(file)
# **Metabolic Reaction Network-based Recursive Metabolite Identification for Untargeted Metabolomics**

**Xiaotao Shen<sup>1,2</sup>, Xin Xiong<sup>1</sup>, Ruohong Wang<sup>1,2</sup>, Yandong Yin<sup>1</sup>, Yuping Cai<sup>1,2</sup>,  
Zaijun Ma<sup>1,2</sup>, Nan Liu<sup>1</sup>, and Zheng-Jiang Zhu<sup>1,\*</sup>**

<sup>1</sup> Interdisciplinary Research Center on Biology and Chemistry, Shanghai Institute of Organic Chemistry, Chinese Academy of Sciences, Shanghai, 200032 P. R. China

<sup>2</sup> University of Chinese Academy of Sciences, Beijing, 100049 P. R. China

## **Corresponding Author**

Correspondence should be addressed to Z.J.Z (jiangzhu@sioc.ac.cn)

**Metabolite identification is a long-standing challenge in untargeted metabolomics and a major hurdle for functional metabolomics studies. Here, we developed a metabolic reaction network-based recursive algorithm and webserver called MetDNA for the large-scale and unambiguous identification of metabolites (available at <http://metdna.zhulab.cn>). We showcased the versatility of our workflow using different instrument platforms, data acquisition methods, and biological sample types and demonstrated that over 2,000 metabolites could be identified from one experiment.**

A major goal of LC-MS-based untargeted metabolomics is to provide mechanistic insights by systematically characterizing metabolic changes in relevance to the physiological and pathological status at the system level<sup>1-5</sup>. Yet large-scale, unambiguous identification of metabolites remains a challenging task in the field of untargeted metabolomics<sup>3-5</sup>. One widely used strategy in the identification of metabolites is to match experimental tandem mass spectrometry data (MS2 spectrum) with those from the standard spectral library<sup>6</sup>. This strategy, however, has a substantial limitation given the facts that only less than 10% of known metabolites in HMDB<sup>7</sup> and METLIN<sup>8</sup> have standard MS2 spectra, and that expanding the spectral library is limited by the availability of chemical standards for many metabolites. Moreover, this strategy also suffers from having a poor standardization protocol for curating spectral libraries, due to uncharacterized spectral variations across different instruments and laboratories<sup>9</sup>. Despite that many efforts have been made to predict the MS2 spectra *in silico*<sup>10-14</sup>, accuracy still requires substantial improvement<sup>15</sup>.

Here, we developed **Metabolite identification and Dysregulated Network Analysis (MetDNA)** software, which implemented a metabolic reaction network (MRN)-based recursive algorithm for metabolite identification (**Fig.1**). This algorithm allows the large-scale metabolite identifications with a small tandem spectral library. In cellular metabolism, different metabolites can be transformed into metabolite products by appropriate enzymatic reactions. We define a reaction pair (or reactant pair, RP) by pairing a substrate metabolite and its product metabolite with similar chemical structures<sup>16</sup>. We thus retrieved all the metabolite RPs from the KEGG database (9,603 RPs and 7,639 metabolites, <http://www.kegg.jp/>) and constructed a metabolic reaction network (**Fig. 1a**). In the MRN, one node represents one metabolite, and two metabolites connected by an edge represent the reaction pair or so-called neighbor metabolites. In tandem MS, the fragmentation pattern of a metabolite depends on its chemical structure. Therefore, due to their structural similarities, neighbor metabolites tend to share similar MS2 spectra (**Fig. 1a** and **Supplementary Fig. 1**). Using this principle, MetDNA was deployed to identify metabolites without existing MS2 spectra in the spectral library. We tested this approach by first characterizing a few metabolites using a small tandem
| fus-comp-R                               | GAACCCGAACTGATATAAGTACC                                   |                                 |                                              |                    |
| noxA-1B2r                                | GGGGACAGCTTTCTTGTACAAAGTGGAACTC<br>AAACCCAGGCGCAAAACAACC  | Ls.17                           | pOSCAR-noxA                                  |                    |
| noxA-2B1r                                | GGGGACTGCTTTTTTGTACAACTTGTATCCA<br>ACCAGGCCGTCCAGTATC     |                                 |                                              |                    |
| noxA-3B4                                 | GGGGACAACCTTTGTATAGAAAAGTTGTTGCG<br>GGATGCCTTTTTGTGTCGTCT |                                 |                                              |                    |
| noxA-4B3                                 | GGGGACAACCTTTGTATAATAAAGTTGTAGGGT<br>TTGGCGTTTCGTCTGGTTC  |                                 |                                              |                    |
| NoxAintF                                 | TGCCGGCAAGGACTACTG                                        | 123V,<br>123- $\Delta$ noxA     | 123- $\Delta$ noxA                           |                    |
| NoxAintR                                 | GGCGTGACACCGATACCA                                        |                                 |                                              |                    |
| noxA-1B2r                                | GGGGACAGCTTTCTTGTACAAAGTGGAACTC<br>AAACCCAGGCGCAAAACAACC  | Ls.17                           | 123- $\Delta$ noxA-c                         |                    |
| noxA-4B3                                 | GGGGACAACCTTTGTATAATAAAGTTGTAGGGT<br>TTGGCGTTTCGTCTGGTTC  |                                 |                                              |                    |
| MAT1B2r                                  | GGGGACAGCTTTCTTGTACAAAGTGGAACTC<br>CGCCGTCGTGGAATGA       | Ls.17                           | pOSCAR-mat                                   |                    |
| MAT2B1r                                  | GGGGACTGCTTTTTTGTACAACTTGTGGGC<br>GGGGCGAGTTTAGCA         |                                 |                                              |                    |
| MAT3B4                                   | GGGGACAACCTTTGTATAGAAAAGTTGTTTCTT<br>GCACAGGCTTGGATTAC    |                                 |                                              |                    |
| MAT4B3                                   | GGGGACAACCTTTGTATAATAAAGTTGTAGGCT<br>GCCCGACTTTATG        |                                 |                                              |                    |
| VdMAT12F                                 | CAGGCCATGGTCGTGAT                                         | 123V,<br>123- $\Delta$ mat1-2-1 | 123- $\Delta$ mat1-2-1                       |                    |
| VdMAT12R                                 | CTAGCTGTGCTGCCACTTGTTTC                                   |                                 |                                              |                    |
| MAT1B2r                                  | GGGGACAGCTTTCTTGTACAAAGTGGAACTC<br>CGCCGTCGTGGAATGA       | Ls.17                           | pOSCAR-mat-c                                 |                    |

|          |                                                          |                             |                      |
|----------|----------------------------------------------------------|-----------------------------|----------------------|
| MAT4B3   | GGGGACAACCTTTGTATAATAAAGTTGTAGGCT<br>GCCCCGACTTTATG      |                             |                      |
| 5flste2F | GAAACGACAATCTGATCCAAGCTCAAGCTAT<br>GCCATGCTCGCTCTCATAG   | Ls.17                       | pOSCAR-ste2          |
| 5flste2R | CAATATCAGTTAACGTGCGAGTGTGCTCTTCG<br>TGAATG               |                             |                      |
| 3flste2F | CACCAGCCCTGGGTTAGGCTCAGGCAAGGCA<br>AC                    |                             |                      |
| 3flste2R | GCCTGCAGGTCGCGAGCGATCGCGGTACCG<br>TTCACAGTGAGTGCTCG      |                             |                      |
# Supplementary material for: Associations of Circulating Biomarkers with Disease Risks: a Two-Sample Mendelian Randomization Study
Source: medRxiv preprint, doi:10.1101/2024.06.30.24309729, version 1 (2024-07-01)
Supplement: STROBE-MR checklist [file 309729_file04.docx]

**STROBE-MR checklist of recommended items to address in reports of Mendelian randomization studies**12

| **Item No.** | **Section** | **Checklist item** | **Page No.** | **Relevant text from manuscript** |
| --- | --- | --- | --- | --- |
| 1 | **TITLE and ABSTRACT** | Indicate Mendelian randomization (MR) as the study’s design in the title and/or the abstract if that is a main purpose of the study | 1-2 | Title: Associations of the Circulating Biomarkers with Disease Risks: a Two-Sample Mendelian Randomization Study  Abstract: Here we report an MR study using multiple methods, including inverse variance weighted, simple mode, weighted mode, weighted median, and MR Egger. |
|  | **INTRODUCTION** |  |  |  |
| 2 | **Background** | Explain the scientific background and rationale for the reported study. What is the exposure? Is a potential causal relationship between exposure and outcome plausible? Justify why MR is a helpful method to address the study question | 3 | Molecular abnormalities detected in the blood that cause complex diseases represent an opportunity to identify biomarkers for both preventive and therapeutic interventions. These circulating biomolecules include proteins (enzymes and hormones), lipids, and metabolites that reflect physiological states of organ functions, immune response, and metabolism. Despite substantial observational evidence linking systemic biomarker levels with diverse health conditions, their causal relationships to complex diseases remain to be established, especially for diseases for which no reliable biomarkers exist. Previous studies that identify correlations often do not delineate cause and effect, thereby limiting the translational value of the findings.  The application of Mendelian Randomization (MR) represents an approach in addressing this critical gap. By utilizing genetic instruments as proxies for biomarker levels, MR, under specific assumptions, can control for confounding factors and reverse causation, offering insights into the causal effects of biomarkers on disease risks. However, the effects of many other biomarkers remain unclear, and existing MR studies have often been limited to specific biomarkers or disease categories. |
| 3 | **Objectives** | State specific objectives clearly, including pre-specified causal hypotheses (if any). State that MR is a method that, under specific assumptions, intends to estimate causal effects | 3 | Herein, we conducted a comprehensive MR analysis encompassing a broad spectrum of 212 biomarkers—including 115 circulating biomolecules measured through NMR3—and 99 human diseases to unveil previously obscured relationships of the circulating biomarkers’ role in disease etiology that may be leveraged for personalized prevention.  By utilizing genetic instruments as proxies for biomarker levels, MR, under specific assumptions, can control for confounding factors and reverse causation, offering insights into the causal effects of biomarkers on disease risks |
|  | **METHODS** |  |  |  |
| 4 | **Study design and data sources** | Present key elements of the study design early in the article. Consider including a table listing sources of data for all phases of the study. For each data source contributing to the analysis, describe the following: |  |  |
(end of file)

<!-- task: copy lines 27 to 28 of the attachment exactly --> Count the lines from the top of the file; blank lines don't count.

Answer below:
|          |                                                          |                             |                      |
|----------|----------------------------------------------------------|-----------------------------|----------------------|